- There is also the problem of how to define obesity in the first place. While the use of the body mass index (BMI) remains popular, largely because it is so easy to calculate, health and statistical experts have issued warnings about its limitations. Not only does BMI ignore the natural range in body size in the general population, but it also ignores the difference between muscle mass and fat mass. Studies suggest that most people labeled "obese" or "overweight" according to current definitions (such as having a BMI greater than 25) are in good health without any of the risks that have been associated with excessive weight.
- The diet industry encourages people to keep dieting no matter how ineffective it is. In the United States alone, more than $66 billion a year is spent on products and services associated with weight loss. This can include memberships in weight loss programs, weight-loss products (low-calorie foods, cookbooks, artificial sweeteners, and diet sodas), as well as expensive medical procedures such as liposuction and bariatric surgery. Although most of these products and services end up being useless, given that most people gain the weight back, customers continue to be drawn in by promises of quick weight loss and the belief that being thinner will make them attractive and more desirable. Perhaps more important, when a weight loss attempt fails, dieters typically blame themselves for lacking "willpower" rather than questioning the product or service.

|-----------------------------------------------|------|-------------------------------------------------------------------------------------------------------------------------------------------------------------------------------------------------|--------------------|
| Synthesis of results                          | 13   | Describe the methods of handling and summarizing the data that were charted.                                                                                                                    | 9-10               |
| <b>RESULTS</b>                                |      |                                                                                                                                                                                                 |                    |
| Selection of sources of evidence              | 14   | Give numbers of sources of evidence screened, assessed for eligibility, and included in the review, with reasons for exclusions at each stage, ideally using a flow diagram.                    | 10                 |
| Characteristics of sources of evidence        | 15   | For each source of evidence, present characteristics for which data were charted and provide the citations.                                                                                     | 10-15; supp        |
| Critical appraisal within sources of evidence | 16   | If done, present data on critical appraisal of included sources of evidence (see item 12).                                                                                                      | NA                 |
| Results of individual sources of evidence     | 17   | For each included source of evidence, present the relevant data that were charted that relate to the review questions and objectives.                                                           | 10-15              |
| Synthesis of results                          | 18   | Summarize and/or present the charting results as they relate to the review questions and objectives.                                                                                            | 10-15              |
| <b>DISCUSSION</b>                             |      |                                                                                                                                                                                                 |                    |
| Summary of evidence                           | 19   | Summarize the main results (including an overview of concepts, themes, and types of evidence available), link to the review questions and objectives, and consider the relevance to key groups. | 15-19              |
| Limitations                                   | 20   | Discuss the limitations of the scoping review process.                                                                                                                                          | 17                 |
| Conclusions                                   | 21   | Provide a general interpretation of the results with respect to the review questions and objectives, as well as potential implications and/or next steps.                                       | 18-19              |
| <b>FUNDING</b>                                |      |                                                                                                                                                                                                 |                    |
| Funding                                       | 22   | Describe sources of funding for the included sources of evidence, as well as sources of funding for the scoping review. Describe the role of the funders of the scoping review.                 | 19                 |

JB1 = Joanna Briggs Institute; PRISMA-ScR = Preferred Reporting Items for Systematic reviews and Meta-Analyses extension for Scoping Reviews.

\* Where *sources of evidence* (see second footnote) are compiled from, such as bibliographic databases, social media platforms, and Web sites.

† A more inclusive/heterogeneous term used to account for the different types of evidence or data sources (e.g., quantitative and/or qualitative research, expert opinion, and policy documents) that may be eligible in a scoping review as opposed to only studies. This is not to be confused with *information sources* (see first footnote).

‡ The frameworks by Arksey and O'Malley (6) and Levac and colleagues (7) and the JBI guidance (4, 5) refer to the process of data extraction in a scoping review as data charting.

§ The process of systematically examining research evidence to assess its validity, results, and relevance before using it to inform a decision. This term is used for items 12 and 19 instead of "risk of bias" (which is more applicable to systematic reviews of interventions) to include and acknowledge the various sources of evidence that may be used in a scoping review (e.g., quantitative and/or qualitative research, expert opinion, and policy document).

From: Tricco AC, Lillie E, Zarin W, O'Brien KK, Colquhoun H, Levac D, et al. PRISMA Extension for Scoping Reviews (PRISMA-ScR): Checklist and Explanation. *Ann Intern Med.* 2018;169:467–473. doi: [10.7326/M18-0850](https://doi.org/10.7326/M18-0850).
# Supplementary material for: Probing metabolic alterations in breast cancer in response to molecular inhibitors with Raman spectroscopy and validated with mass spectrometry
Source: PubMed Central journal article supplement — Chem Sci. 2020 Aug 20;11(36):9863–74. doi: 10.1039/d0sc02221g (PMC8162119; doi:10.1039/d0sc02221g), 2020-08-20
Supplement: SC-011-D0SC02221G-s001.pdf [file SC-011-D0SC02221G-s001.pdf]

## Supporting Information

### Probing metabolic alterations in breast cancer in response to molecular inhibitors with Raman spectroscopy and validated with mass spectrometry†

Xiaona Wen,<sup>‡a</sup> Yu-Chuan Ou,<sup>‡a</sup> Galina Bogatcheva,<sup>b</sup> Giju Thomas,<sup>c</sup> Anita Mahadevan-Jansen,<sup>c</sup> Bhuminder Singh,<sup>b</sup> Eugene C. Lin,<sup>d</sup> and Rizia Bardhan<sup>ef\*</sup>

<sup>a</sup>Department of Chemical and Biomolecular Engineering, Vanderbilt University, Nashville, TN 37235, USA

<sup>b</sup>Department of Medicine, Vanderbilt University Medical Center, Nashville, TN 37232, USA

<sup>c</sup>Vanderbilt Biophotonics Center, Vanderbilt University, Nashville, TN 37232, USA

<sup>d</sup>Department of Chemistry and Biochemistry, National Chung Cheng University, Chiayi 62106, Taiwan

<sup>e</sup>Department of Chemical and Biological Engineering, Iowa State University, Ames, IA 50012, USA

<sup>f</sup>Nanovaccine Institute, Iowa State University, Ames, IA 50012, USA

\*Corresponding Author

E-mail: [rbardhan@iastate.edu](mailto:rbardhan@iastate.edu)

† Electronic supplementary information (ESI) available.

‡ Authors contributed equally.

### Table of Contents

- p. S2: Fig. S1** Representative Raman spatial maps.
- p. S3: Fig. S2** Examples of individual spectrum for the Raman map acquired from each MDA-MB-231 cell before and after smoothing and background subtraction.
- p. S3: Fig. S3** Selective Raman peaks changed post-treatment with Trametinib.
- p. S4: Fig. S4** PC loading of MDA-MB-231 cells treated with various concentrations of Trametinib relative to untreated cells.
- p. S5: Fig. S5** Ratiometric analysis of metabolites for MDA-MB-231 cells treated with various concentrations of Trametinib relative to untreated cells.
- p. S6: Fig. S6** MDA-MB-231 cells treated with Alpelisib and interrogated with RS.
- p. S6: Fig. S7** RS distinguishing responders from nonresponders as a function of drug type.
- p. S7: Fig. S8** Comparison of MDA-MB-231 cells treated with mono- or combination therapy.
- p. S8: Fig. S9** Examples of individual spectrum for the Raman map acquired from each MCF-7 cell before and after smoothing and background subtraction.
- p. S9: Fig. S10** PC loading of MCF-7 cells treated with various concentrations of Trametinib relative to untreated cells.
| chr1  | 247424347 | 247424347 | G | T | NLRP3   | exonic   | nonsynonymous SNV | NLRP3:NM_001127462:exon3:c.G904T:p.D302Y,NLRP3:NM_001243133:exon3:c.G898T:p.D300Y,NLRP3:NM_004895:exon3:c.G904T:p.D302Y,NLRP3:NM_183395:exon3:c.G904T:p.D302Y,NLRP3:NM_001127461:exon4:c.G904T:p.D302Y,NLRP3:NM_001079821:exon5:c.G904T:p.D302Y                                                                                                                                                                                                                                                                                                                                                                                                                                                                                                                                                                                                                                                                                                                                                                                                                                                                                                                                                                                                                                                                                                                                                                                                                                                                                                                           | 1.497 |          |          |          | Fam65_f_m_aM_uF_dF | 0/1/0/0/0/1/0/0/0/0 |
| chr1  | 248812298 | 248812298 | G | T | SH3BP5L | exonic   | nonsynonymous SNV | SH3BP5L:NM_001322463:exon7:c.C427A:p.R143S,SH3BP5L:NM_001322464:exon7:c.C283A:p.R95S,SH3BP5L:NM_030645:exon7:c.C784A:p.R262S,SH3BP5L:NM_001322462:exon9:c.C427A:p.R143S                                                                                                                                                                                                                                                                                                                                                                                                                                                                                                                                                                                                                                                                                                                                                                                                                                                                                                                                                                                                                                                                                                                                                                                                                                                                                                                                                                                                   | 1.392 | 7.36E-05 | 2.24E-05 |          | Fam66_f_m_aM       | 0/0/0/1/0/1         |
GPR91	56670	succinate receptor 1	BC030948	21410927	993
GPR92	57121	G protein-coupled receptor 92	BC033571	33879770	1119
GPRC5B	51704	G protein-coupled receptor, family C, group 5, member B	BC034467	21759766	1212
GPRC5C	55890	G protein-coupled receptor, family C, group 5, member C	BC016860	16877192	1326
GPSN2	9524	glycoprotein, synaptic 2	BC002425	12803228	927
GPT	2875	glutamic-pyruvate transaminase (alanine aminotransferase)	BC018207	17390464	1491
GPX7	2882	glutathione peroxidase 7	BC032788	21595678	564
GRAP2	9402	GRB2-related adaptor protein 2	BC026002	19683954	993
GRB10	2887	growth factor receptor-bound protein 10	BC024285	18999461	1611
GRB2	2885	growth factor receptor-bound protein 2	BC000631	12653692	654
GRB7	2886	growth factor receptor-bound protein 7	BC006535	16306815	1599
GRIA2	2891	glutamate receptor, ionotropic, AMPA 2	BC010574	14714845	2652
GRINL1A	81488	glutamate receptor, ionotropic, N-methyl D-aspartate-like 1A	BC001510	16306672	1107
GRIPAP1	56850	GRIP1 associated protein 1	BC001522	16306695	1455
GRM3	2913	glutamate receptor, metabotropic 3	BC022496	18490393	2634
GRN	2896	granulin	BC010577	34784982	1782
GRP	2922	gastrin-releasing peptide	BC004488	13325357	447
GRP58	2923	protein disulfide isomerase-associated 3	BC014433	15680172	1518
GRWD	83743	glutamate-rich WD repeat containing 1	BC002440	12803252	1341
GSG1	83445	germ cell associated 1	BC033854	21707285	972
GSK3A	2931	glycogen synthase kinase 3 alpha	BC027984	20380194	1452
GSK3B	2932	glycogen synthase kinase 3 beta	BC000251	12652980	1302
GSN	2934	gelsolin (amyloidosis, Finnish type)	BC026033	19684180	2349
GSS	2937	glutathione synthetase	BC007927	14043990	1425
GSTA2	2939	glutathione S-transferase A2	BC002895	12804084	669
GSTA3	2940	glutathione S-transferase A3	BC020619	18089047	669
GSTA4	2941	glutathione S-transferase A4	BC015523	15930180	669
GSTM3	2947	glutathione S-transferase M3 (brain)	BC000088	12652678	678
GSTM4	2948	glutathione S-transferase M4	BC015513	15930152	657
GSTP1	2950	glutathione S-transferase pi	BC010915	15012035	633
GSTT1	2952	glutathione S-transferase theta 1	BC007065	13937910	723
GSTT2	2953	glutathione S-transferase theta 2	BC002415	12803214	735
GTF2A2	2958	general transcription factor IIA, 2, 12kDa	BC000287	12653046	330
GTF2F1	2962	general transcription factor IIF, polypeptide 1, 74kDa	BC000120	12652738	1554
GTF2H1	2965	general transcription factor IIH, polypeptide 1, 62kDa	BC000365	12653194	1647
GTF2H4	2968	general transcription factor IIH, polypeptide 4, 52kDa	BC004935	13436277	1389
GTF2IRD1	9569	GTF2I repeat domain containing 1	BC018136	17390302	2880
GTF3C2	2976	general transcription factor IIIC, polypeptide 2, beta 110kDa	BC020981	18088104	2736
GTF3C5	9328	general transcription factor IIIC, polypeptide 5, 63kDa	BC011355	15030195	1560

So, is permanent weight loss possible? And why do so many health professionals ignore existing evidence that suggests otherwise? The diet industry is unlikely to go away anytime soon, but there are encouraging signs that sanity may eventually prevail. The Health at Every Size (HAES) movement has become more popular as a way of encouraging healthier alternatives for people of all body weights. Since its creation in the 1960s, HAES discards the "only thin is healthy" myth in favor of encouraging healthy eating and exercise for everyone. Not only does this put less pressure on obese and overweight people to try losing weight, but it also encourages them to develop a healthier lifestyle appropriate to their regular body weight.
The anti-fat stigma pushing people into unhealthy diets is pervasive in society, but groups like HAES promote a saner message that is beginning to be heard. Overcoming the anti-fat stigma and helping people accept themselves as they are represents a major challenge, but it is a challenge worth pursuing.
Rothblum, E. D. (2018). Slim chance for permanent weight loss. Archives of Scientific Psychology, 6(1), 63-69.